It was dusk on a clear Saturday night when my grandmother and I decided to venture to Midtown Manhattan in the hopes of taking some nice photographs and having a fun time in the city. We had ridden the C train for over twenty stops and we were more than ready to be dazzled by some beautiful architecture, amazing music, and wonderful art. As we walked the few avenues necessary to get to the renowned St. Patrick’s Cathedral, we started to see more and more people than expected. Droves of tourists and fellow New Yorkers crowded the sidewalks until the bustling walkway spread in to the street. The streets were closed off and a plethora of families, friends, and tourists alike, roamed the city’s streets. We persisted and kept walking until reaching what seemed to be an amoeba of people. It swayed from side to side, people attaching themselves to the moving cell and exiting through dendrites of people attempting to cross a busy street. We tried our best to steer clear of the human amoeba before getting sucked into the abyss of people. I latched onto my grandmother’s hood,scared to lose her in the crowd (since it has happened on many occasions). The last thing I saw before my vision was almost completely shut off from my surroundings was the glowing awning of Radio City Music Hall. Instantly, I found a reason for the large crowd; they were all there to see the Christmas Tree at Rockefeller! Soon we were spat out of the organism and began trying to figure out a plan to reach our destination. We walked a severely crowded block before my grandmother left me to find an officer halfway into the street. She tenderly tapped on his shoulder and asked him for the fastest route to our destination, which was to walk back a few avenues and down a few streets over, in the hopes that we’d reach a clearer avenue.
A ten minute walk turned into a forty-five minute fiasco. I asked my grandmother if she was still willing to walk as far as we had to, in order to actually get to the cathedral and to my dismay she was more persistent than I was. I, on the other hand, was ready to go home and label the visit as a failed attempt. Instead of my desires to ultimately give up, we continued walking down streets until we reached a clearing on the sidewalks. After practically a hour of walking around in circles we finally reached the cathedral. It was breathtaking and created such a cultural contrast. Christmas lights, high energy of commerce, and other tourist attractions invaded the sidewalks and streets. But deep in the midst of all that confusion was something so stark and beautiful.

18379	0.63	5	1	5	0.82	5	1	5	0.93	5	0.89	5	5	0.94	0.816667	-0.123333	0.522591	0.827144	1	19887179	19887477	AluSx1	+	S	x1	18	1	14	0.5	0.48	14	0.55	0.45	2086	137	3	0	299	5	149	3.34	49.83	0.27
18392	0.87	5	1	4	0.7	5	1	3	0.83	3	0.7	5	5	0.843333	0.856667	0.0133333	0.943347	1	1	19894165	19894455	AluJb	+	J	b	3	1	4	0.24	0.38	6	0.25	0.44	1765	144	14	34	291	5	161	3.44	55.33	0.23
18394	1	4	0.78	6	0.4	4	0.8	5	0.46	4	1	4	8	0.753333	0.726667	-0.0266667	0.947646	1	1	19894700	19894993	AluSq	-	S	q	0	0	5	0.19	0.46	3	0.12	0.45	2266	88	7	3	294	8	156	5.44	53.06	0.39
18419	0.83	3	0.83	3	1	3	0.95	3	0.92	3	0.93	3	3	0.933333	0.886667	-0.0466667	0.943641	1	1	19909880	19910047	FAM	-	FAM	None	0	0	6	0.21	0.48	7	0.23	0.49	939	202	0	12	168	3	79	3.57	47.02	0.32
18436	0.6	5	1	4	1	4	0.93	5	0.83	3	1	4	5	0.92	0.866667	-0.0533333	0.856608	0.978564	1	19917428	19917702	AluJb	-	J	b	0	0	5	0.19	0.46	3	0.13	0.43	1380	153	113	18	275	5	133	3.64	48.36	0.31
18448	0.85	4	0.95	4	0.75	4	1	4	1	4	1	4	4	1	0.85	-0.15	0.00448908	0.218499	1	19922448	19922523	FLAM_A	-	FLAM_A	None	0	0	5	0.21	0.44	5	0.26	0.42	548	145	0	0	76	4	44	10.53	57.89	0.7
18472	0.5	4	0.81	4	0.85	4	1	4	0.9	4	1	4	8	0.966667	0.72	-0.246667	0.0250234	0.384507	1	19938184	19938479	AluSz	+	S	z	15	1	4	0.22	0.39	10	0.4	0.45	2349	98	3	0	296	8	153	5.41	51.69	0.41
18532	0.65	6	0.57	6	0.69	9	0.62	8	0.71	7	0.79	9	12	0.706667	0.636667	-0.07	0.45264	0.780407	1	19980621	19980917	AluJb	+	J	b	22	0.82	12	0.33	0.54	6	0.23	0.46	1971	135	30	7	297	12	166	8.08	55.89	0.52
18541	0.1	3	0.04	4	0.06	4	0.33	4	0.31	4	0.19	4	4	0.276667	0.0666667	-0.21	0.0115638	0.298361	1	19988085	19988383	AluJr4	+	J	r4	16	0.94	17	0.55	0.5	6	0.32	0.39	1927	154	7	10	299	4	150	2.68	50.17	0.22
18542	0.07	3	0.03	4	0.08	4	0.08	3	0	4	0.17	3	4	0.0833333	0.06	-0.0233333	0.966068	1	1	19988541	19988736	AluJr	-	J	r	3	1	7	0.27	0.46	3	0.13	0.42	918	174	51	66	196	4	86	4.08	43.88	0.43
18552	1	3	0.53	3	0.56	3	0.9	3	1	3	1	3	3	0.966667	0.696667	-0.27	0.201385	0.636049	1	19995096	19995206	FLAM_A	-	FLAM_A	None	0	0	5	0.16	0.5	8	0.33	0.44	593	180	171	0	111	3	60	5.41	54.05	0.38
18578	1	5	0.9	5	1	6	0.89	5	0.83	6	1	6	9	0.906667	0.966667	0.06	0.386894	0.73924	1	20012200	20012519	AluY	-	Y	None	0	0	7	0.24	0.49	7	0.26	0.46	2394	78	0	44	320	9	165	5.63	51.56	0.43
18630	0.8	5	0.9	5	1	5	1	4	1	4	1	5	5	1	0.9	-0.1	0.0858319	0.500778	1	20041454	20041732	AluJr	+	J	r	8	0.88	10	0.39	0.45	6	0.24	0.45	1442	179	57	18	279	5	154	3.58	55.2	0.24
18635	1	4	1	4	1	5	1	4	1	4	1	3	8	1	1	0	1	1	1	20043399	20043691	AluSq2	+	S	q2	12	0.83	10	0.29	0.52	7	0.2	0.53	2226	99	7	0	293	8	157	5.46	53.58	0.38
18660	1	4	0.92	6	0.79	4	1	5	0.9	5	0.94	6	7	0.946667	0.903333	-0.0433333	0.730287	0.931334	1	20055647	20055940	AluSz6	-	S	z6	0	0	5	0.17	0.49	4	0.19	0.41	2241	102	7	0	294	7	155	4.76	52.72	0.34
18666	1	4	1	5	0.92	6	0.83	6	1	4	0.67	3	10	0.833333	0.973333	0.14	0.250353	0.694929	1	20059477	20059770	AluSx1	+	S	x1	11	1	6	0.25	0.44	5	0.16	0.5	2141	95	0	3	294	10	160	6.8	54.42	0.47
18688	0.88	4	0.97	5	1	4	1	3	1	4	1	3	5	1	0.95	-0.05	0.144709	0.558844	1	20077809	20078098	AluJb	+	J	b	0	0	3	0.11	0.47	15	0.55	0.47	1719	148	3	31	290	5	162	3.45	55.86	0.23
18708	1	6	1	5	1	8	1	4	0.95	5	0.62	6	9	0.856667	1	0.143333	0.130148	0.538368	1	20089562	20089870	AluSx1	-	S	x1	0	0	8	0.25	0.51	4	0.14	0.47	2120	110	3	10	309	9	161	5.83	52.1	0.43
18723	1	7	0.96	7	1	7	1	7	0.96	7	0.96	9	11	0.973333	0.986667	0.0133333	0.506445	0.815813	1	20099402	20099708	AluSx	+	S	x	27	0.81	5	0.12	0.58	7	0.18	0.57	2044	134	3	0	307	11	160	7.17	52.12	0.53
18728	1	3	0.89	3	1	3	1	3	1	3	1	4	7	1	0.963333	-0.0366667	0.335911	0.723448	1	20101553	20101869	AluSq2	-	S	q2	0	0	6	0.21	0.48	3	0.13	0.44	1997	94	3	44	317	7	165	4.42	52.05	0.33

The crowds gathered around the decorated storefronts, leaving St. Patrick’s Cathedral as a more reserved area. Although it was relatively crowded inside, the crowd felt different. Believers filled the space, saying prayers and cleansing their souls. They treated the cathedral like the closest thing to the pope that they could possibly achieve; their need for the sanctuary screaming from the organ pipes that played beautiful music throughout the entire structure. It was loud enough to “move” you but low enough for one to actually enjoy it. My grandmother and I broke apart and explored the cathedral separately for some time; taking in the surrounding by ourselves before conversing the beauty amongst each other. Our differing photographic styles really shined in this aspect as we found different things interesting and took photographs in contrasting manners.
“I alone cannot change the world, but I can cast a stone across the waters to create many ripples.”- Mother Teresa Image Credit: Dolores Greene
According to NPS.gov (National Park Service), Robert C. Broderick, author of “Historic Churches of the United States(1958)”, informed his readers of the history of the beloved cathedral. Apparently, the first Catholic priest of New York City, Jesuit martyr St. Isaac Jogues, came to Manhattan in the hopes of saving the souls of those who were here before the new settlement; his goal was to convert the Mohawk Indians. He carried out his work, eventually launching the first Catholic church in New York City, it was called St. Peter’s Cathedral and opened in 1785.
The growth of the congregation demanded a bigger cathedral to be built, so in 1810 the site of the St. Patrick’s Cathedral was purchased. By the time of 1850 the plan to build was placed. Archbishop, John Hughes, and architect, James Renwick, began to create plans and proposals for the project. Construction began in 1858 and was completed in 1906. The process took so long since construction had to halt production when the Civil War took place; as resources ran low, the Cathedral had to wait to be completed.
As the years went on, the Neo-Gothic Cathedral has seen multiple restorations and additions. A major addition being the various organs that breathed life into the Cathedral. As stated by Saint Patrick’s Cathedral’s website, the first organ system was by George Jardine and Sons in 1879. Only one year later the system was upgraded by J.H. & C.S. Odell. The organ pipes were then renovated over three times, thereafter.
Although the site visit had its respective road blocks and other difficulties, I’m glad we endured the long travel since it was well worth a visit regardless of my failure to piece together simple New York tourist spots. I feel like I didn’t only learn about the architecture of a 19th century cathedral, but I also was immersed in a culture; a culture with deep roots and beliefs.